But that’s not all. They can survive in boiling water without blinking, radiation doesn’t seem to impact them, and they can hang under pressure. Even when they’ve been put in environments with over six times the pressure of the deepest oceans, they’ve been fine.
The list keeps going. While tardigrades do just fine in our world (they live in the rainforests, in volcanoes, and even in Antarctica), they can live happily and relatively healthily even in space with no atmosphere at all.
The earliest tardigrade population was probably hanging out on Earth around 530 million years ago.
Based on tardigrade fossil records, they’ve certainly been around much longer than we have.
How do tardigrades do it?
The secret to tardigrade success isn’t all that secret, as it turns out. Spallanzani (of cool name fame) uncovered their little mystery back in the 18th century, but thanks to genome sequencing, we’re learning more and more about the tardigrade and its indestructibility all the time.
Spallanzani first discovered that tardigrades are able to survive in extreme environments by witnessing the little animals actually transform when introduced to new situations. Depending on the atmosphere, temperature, and other elements, tardigrades have a variety of survival skills up their fat little sleeves.
The tardigrades’ first impulse when faced with disaster, cold, or heat is to curl up in a ball and nearly die — they’re not unlike people in this way.
However, for tardigrades, it’s pretty successful: when they curl up, they’re able to dehydrate their bodies and remain perfectly preserved and healthy until they are reintroduced to water. Then they plump back up, happy and ready to face the day.
How are they different?
Tardigrades’ bodies produce a series of different gels, antioxidants, and proteins that protect their organs and DNA from damage.
But just because the tardigrades can dehydrate and rehydrate more or less at will to avoid their biggest problems doesn’t mean you can. Their little bodies produce a series of different gels, antioxidants, and proteins that protect their organs and DNA from damage when they’re in their dehydrated state (called cryptobiosis).
These elements also protect their bodies from things like radiation, so they’re all set.
Scientists in Japan were so interested in the incredible powers of the tardigrade that in 2016, they sequenced its genome.
While much of the information they found lined up with what we already knew about their survival skills (they isolated the radiation-protecting proteins, for example), they discovered even more information that is directly applicable to our human world.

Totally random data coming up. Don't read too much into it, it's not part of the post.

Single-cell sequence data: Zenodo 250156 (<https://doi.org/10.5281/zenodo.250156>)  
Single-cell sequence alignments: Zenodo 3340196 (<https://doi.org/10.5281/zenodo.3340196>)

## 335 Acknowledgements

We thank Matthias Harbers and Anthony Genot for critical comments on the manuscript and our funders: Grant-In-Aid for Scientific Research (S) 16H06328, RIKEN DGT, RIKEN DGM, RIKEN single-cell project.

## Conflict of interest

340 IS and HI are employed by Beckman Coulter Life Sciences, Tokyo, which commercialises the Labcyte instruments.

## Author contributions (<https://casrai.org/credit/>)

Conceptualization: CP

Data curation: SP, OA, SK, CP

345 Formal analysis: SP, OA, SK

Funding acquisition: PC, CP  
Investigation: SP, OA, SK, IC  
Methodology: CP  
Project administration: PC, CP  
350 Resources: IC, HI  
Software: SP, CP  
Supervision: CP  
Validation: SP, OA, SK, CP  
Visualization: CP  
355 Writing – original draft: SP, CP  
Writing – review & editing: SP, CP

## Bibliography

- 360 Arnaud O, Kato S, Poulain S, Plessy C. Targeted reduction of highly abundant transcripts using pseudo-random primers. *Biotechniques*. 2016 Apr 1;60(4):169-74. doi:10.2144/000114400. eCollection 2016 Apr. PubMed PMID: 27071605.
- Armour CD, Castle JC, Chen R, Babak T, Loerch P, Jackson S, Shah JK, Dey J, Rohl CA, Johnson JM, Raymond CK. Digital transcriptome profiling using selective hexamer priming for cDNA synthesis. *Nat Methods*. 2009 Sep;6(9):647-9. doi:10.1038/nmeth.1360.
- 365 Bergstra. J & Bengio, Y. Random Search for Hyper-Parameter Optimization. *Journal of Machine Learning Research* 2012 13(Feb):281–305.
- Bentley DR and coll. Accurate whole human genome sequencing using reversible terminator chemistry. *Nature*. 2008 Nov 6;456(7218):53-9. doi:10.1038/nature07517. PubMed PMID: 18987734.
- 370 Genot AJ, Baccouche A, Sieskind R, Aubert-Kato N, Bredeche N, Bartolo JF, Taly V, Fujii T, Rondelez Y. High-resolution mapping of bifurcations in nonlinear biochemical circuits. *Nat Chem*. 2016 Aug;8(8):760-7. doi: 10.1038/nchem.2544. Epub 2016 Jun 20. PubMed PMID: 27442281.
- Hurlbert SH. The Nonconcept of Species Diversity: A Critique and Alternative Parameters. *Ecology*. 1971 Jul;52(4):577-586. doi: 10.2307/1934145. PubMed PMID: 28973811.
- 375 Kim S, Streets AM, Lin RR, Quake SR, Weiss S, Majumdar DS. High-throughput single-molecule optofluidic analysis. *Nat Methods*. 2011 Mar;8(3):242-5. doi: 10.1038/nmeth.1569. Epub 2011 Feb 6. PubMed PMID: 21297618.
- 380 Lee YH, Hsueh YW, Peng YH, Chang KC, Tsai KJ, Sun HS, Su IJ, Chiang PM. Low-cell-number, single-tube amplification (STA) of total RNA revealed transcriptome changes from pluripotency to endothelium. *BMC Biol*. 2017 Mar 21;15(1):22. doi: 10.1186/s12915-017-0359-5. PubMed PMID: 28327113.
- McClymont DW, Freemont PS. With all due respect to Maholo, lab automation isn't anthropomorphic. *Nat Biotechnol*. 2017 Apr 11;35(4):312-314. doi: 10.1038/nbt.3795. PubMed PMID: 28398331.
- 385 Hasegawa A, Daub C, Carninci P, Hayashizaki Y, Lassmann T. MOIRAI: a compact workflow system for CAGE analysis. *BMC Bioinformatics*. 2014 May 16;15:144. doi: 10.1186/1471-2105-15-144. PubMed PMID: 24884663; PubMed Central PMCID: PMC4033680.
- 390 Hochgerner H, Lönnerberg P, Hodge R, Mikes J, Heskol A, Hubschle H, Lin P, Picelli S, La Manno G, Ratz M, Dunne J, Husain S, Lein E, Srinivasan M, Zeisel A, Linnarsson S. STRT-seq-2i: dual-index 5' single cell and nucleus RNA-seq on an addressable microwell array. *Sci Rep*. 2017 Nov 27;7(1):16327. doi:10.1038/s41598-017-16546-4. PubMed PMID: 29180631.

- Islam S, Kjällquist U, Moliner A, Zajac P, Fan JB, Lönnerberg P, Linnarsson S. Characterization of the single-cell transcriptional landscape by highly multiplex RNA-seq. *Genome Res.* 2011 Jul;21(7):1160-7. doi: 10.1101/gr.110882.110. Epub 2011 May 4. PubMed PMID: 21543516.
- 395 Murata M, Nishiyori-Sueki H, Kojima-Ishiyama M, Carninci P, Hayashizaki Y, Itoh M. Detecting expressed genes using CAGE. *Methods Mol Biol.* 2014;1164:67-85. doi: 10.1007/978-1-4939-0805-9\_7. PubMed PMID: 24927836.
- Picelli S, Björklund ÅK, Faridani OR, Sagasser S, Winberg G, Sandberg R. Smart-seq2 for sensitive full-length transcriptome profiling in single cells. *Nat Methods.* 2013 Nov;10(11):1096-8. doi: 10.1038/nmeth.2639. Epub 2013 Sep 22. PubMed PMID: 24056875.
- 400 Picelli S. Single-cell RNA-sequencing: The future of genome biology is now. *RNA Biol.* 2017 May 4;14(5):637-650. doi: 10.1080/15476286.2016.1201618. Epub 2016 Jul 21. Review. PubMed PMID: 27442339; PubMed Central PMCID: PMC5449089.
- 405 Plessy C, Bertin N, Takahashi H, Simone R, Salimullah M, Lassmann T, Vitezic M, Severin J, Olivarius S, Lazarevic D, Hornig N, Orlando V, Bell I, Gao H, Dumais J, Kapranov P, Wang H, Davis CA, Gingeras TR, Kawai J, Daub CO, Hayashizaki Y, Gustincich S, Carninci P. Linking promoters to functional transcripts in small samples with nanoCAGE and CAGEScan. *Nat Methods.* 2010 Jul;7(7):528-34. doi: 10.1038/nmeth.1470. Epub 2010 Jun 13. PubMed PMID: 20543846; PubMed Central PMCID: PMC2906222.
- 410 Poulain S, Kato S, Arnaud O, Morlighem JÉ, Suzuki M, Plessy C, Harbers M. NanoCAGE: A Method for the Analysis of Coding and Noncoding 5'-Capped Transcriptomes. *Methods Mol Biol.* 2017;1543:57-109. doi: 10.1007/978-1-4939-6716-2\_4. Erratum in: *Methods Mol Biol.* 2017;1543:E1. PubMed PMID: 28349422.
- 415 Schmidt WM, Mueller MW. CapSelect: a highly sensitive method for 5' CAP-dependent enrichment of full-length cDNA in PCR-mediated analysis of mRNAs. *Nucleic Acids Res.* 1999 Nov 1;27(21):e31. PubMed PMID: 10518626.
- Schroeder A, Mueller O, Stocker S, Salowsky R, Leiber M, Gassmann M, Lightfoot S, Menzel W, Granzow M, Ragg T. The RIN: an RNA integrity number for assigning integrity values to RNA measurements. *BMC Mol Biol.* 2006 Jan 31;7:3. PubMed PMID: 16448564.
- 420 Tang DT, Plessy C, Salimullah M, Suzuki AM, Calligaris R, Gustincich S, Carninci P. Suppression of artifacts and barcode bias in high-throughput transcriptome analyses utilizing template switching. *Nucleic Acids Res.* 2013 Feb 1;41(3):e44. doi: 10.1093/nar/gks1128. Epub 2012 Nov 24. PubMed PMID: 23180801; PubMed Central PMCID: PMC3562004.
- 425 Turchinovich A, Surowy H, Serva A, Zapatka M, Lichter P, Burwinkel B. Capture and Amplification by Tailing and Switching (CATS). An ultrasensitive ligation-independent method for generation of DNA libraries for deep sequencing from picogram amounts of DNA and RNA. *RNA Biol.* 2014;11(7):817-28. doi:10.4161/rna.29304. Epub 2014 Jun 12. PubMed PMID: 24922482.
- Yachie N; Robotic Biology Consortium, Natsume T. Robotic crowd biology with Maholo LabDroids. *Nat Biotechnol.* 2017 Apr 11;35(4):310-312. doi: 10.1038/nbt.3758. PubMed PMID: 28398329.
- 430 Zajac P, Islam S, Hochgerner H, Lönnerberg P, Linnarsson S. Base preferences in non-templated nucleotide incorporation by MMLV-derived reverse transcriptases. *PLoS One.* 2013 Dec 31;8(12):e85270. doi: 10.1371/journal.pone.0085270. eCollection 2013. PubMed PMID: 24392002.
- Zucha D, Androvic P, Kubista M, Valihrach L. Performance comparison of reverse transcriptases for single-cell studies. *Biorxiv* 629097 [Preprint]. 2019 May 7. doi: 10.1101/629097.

DIY tardigrade discovery
Still not convinced that tardigrades are oh-so-amazing? Check one out for yourself.
Follow these easy steps to find, meet, and care for tardigrades in your neighborhood.
- Get a piece of old moss from the base of an old tree
- Soak the moss in water overnight (or for at least a couple of hours)
- Using a dropper, put a couple of droplets of water on a slide
- Cover the water with a slide cover
- Look at your water with a microscope
You should be able to see your new friends with even a low-powered microscope or a magnifying glass. After you meet your new tardigrade pets, consider this: these little guys might someday save your life.
Why should we care about tardigrades?
First off, tardigrades are a part of our ecosystem and our world. Who knows what benefits they may be silently and secretly providing us? But selfishly, they might also hold the secrets to our long-term success.
After the genome-mapping team isolated the radiation-blocking protein found in tardigrades, they decided to take it to the next level: people.
When they added this particular protein to human DNA, they discovered that the protein reduced the harm done to human DNA by x-rays by 40 percent. That one little protein had amazing power and potential to protect.
Imagine what else tardigrades might have to teach us.
The tardigrades’ ability to live in heat and cold without an atmosphere and with a great deal of pressure, and in situations of starvation and deprivation, might teach us valuable lessons about how to thrive in our ever-changing world.
A deeper dive — Related reading from the 101:
Just like this list of animals, tardigrades aren’t big, but they are powerful. Sometimes the most incredible animals come in the smallest packages!
Tardigrades might make space living sound cool, but once you read about the status of the space station, you might be second-guessing your dreams of traversing the universe.
Don’t worry, it’s not going to hit us! But even if it did, tardigrades would be totally fine.